Water issues are often quite apparent if the right equipment and methods are utilized. Obviously TDRs for assessing soil volumetric water content are the cutting edge, but taking a soil sample and being familiar with your soil profile is still a necessary aspect of greenkeeping. Sand falling out of the bottom of the pulled core is an obvious sign of water repellency and low soil moisture status. A normal cup cutter plug can and should be simply cut in half to reveal the soil profile. This flat surface can reveal OM layering and black layer or provide a platform to conduct water repellency testing. A rectangular soil profiler is also a perfect tool to provide this surface. Leaning on a ¾ or inch soil corer to get down to the pea gravel layer may yield even more insight into why water may not be moving like it should through a putting green soil. Below is information on how to detect and deal with this yin and yang of abiotic issues regarding water by sampling struggling areas. Before shipping a sample off to a diagnostic lab, you might as well have a good look yourself.

Split the Plug Open to Find Black Layer

  1. Looking at the profile can reveal OM layering and resultant black layer formation.
  2. Black layer can even form on the roots themselves, creating a toxic situation.

Black Layer – Black layer is formed when soil conditions are anaerobic, benefiting bacteria suited to the oxygen depraved environment that also unfortunately produce sulfurous toxic byproducts and cause root decline. Bentgrass roots also don't grow and prosper without oxygen, creating a double whammy situation. A lack of water movement and infiltration is the major cause of black layer, as stagnant water replaces air in soil pores. Black layer can form just about anywhere in the profile, so vigilance is necessary. If decline occurs, particularly in low areas of the green, take a deep sample with a ¾ inch soil corer, and lean on it to get down to the pea gravel. Inspect the soil and look for distinct color changes throughout the profile and even use your nose to detect the distinct sulfury "smell of death" that may emanate. Also look for rust or gray colored patches which may indicate a case of iron cementing. You may also use a rectangular soil profile or split cup cutter plug to look for layering and how pervasive the black layer is in the top 4-6 inches.

If black layer is detected, aerification is necessary, especially if organic matter layering or excessive accumulation is the cause. During the summer, solid tining may be the only recourse, but keep the hole open as long as possible. If core aerifying, fill the holes up with fresh sand. Last but most importantly, check the drainage below as black layer is a sign that hydraulic conductivity is poor and excessive OM might not be the only cause. Has the plastic 4-inch collapsed or is choked by tree roots? Is a liner the problem? Does a smile drain need to be installed? Iron cementing or other soil issues?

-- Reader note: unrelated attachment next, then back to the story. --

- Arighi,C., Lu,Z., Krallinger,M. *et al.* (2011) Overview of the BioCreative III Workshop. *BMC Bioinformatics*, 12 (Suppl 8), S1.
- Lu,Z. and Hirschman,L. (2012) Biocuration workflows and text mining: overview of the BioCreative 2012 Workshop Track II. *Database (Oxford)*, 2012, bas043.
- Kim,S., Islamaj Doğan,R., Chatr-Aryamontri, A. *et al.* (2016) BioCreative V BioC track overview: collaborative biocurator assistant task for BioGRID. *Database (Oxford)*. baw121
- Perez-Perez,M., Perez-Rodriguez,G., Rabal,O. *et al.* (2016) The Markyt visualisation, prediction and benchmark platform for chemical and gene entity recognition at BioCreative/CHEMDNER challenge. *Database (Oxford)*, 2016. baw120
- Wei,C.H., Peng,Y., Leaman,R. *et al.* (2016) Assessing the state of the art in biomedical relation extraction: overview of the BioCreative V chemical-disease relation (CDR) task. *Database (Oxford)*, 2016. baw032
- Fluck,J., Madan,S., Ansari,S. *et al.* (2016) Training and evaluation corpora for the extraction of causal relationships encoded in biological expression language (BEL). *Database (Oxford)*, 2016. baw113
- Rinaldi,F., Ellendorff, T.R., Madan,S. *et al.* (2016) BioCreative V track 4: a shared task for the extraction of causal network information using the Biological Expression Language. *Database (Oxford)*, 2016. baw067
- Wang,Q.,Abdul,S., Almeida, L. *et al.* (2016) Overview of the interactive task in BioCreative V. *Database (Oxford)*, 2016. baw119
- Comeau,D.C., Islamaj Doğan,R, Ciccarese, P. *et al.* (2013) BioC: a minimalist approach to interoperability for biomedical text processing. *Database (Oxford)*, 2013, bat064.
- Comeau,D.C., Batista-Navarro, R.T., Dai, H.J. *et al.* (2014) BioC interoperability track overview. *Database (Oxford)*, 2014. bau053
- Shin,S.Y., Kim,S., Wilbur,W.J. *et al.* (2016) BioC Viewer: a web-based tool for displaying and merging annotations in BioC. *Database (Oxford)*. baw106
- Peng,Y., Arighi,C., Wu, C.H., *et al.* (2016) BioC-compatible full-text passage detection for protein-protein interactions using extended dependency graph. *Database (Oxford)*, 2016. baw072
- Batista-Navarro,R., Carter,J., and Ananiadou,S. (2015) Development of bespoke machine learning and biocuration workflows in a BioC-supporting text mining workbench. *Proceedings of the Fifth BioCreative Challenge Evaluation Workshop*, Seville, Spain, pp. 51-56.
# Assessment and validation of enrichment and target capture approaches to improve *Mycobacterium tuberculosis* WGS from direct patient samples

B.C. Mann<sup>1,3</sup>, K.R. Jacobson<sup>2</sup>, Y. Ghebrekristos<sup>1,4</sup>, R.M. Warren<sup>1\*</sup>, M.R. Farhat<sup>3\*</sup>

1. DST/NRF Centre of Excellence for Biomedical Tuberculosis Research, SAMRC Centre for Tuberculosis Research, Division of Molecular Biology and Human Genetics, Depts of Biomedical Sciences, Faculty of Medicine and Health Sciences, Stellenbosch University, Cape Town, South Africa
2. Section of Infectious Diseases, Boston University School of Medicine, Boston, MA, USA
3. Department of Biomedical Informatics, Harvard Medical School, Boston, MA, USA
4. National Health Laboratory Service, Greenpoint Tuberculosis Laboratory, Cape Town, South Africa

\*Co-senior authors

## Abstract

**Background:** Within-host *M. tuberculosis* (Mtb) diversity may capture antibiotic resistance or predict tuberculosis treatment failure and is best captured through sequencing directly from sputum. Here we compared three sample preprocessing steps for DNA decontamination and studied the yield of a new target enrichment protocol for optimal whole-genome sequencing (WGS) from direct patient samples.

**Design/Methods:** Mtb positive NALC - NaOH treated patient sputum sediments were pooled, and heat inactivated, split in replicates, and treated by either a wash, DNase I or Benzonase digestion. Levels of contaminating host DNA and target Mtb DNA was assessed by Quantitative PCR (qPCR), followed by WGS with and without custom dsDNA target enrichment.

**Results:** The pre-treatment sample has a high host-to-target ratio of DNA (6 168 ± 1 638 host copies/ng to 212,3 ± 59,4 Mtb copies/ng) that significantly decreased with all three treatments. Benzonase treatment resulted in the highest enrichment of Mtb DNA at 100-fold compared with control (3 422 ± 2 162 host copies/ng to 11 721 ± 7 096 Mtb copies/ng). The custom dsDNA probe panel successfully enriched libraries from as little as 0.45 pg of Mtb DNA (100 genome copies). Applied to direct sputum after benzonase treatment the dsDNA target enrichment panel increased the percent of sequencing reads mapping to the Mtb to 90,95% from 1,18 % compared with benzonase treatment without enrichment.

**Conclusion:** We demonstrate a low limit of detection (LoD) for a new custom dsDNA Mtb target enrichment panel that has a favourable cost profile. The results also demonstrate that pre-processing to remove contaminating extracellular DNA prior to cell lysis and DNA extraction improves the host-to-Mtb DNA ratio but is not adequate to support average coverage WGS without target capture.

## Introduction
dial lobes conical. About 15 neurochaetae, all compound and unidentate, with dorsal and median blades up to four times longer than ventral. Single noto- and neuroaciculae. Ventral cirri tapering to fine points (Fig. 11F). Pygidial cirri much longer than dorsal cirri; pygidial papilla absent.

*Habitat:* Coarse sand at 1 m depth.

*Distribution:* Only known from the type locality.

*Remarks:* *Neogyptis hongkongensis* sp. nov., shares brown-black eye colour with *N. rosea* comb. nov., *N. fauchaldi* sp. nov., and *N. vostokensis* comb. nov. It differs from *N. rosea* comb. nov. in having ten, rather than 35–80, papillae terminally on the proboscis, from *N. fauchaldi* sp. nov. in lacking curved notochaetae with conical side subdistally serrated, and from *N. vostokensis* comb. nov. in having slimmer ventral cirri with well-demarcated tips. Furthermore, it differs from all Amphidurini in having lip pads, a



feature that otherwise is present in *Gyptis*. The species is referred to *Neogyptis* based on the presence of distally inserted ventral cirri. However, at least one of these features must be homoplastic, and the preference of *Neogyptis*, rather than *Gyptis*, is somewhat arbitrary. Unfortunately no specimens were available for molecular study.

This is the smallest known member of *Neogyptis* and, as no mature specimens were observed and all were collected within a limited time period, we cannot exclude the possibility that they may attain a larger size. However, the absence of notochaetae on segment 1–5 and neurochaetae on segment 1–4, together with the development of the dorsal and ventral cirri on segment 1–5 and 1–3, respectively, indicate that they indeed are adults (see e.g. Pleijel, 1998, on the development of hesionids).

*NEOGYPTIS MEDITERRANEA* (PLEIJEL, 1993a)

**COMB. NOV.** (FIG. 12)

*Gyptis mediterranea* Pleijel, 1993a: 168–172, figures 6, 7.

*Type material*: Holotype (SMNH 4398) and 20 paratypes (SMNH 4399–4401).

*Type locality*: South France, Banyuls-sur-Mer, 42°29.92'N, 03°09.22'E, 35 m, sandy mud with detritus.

Localized Dry Spot Showing with Increased ET

  1. LDS has grown quite severe on our native soil creeping bent fairway research area.
  2. Test at different depths of the core, since hydrophobicity can develop below the top inch.

Localized Dry Spot – Rightly so, turf managers are instructed by pathologists that too much water kills. Keeping greens firm, fast, and dry is a tenet that benefits green speed and game play, and too much water results in too little air in pore spaces and a beneficial environment for soilborne pathogens. When the current high ET bus is careening down the road and the soils turn hydrophobic however, a true water deficit wilt can happen quickly and cause considerable damage. Water repellent, or hydrophobic soils are most often caused by the organic acid byproduct of organic matter degradation by soil microbes. These organic acids strongly adhere to soil particles, particularly sand, and are hydrophobic. These hydrophobic soils, or localized dry spots (LDS) repel water away laterally and cause preferential water flow, limiting or eliminating water to roots below. Water repellency can occur on most any soil type, as seen above on our native soil creeping bent fairway trial.

TDR meters have allowed for much more rapid and accurate detection but won't definitively reveal a case of LDS. Instead rely on a very simple test that uses the old school rubber balled eye dropper. Get a flat surface, either with a soil profiler or by cutting a cup cutter plug in half, and with the eye dropper place droplets at various depths and areas of the profile. If the droplet doesn't seep in by 10-30 seconds a hydrophobic condition is occurring. In most cases on sand-based putting greens that water droplet will sit there for quite a while (I've seen + 3 days) before seeping in or even just evaporating. Remember to place droplets at various depths, as in some cases repellency will develop at a two to four inch soil depth and act as a non-draining pot to keep the water near the surface. While difficult to explain, some samples may have cyanobacteria on the leaves and along the soil surface but extreme hydrophobicity a few inches below. This pot with no holes effect and constant hand watering is most likely the cause.

Like with black layer but for a completely different reason, punching holes into a hydrophobic soil profile is crucial to get water back into areas and break up preferential flow. A soil surfactant, perhaps tank-mixed with a fairy ring targeting fungicide, may also provide relief for extreme LDS symptoms. Unfortunately, just watering these areas more is not the solution since these hydrophobic coatings strictly adhere to soil particles and can't just be washed away.


Lee Miller
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Extension Turfgrass Pathologist
University of Missouri